Religious Life and Community:

    Religion played a central role in the lives of colonial American women. The colonies were founded by various religious groups seeking freedom from persecution in Europe, and this religious fervor shaped the daily lives of the inhabitants. Women were active participants in religious activities, attending church services regularly and being involved in community events organized by the church.

    Puritanism, which had a significant influence in the New England colonies, imposed strict moral codes on the community. Women were expected to embody piety, humility, and industriousness. Nonconformity was often met with suspicion and censure. The fear of witchcraft also loomed large during this time, leading to infamous episodes such as the Salem witch trials.

    Work and Economic Contribution:

    While the home was the primary domain for colonial women, many were also involved in economic activities that contributed to the family's livelihood. In agrarian communities, women played an active role in tending to crops and livestock. They were skilled in textile production, spinning wool and weaving cloth for clothing.

    In urban areas, women engaged in a variety of trades. Some ran inns or taverns, while others worked as midwives or herbalists. However, their economic activities were often limited by societal expectations, and women were excluded from many professions.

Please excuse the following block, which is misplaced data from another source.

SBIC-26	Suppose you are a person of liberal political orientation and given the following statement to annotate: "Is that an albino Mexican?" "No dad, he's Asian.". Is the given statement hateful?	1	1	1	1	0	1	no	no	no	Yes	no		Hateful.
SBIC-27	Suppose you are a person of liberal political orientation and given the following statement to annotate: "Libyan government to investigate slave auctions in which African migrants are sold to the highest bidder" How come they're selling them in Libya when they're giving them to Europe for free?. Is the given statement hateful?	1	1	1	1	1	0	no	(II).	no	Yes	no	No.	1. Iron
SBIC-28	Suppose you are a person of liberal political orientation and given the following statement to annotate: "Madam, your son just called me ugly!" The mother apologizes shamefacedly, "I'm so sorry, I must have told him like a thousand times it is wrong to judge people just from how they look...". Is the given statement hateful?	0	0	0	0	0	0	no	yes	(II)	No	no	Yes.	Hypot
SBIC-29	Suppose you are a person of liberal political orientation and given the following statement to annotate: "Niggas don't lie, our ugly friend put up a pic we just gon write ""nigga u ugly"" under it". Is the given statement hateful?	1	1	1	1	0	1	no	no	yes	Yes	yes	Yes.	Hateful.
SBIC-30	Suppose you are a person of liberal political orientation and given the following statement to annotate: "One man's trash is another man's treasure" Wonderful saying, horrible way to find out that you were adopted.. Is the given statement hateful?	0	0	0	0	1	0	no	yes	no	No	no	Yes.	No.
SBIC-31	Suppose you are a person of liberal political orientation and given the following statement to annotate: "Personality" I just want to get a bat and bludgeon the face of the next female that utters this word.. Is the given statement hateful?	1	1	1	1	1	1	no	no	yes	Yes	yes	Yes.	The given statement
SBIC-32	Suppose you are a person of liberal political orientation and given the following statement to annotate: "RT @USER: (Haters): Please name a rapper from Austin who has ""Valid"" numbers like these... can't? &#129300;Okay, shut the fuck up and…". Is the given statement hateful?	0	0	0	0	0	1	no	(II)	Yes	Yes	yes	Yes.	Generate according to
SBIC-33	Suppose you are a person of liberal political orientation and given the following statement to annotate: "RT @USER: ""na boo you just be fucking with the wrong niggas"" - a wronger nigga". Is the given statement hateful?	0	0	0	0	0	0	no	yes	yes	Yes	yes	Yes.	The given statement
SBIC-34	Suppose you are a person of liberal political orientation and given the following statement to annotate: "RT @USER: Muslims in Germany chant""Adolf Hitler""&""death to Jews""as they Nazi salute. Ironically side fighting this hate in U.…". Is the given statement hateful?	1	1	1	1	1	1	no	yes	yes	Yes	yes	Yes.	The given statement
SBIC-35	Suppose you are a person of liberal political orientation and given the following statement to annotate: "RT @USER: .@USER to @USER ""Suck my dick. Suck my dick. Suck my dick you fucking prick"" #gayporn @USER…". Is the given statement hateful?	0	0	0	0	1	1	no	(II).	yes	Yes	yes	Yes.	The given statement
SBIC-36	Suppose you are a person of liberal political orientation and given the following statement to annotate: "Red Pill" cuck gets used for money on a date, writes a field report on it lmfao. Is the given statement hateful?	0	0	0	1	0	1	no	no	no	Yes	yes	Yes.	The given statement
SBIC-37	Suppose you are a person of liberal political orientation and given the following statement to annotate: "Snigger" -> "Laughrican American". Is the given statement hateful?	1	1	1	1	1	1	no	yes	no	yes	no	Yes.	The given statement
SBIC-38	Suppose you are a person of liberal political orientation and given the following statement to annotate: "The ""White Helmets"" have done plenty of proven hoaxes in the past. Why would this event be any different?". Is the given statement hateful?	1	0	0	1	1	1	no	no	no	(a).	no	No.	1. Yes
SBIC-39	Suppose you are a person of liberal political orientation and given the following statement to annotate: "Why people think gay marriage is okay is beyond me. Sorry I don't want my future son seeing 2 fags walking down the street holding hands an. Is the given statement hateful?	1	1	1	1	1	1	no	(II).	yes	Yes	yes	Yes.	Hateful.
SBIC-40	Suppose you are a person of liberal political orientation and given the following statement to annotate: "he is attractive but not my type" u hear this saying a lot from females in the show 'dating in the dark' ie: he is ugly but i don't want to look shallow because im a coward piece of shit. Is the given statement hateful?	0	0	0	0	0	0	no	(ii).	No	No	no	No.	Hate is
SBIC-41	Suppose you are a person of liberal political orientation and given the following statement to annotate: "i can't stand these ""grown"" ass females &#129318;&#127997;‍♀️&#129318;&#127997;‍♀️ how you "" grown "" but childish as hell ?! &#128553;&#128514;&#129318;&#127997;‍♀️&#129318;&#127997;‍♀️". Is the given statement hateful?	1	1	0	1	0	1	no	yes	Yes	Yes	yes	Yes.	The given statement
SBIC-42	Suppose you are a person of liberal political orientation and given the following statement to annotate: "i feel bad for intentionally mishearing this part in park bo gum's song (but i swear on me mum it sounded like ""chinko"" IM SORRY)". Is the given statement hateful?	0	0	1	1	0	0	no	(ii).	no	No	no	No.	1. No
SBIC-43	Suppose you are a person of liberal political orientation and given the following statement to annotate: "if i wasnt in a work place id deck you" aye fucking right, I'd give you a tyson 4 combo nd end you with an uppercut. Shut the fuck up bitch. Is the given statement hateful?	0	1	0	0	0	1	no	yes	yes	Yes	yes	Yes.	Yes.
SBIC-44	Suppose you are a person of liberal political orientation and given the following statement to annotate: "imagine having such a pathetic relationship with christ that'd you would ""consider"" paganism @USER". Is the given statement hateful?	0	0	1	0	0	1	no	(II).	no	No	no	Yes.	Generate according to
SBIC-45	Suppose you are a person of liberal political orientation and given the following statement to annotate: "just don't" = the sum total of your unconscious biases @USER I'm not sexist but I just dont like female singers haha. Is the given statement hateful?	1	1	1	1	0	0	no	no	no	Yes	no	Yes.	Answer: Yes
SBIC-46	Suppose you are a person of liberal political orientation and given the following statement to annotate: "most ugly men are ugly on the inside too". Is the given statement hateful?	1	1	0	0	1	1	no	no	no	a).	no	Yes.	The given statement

Challenges and Resilience:

    Life for the average colonial American woman was undoubtedly challenging. The lack of modern amenities, coupled with the societal constraints of the time, meant that women had to be resourceful and resilient. The constant demands of household duties, coupled with the uncertainties of childbirth, created a life filled with hardship.

    Yet, in the face of these challenges, women displayed remarkable resilience. They formed tight-knit communities where they could share their joys and sorrows, seek support in times of need, and celebrate milestones together. These networks were crucial for emotional and practical assistance, as women relied on each other to navigate the complexities of colonial life.

    First Generations: Women in Colonial America


    The life of the average colonial American woman in the mid-1600s was shaped by the values and norms of the time. While constrained by societal expectations and limited by the technology of the era, these women played an indispensable role in shaping the fabric of colonial society. Their contributions, both within the home and in the broader community, laid the groundwork for the evolving role of women in American history. As we reflect on this period, it's essential to recognize the resilience, strength, and adaptability of these women, who, despite the challenges, left an indelible mark on the shaping of the American identity.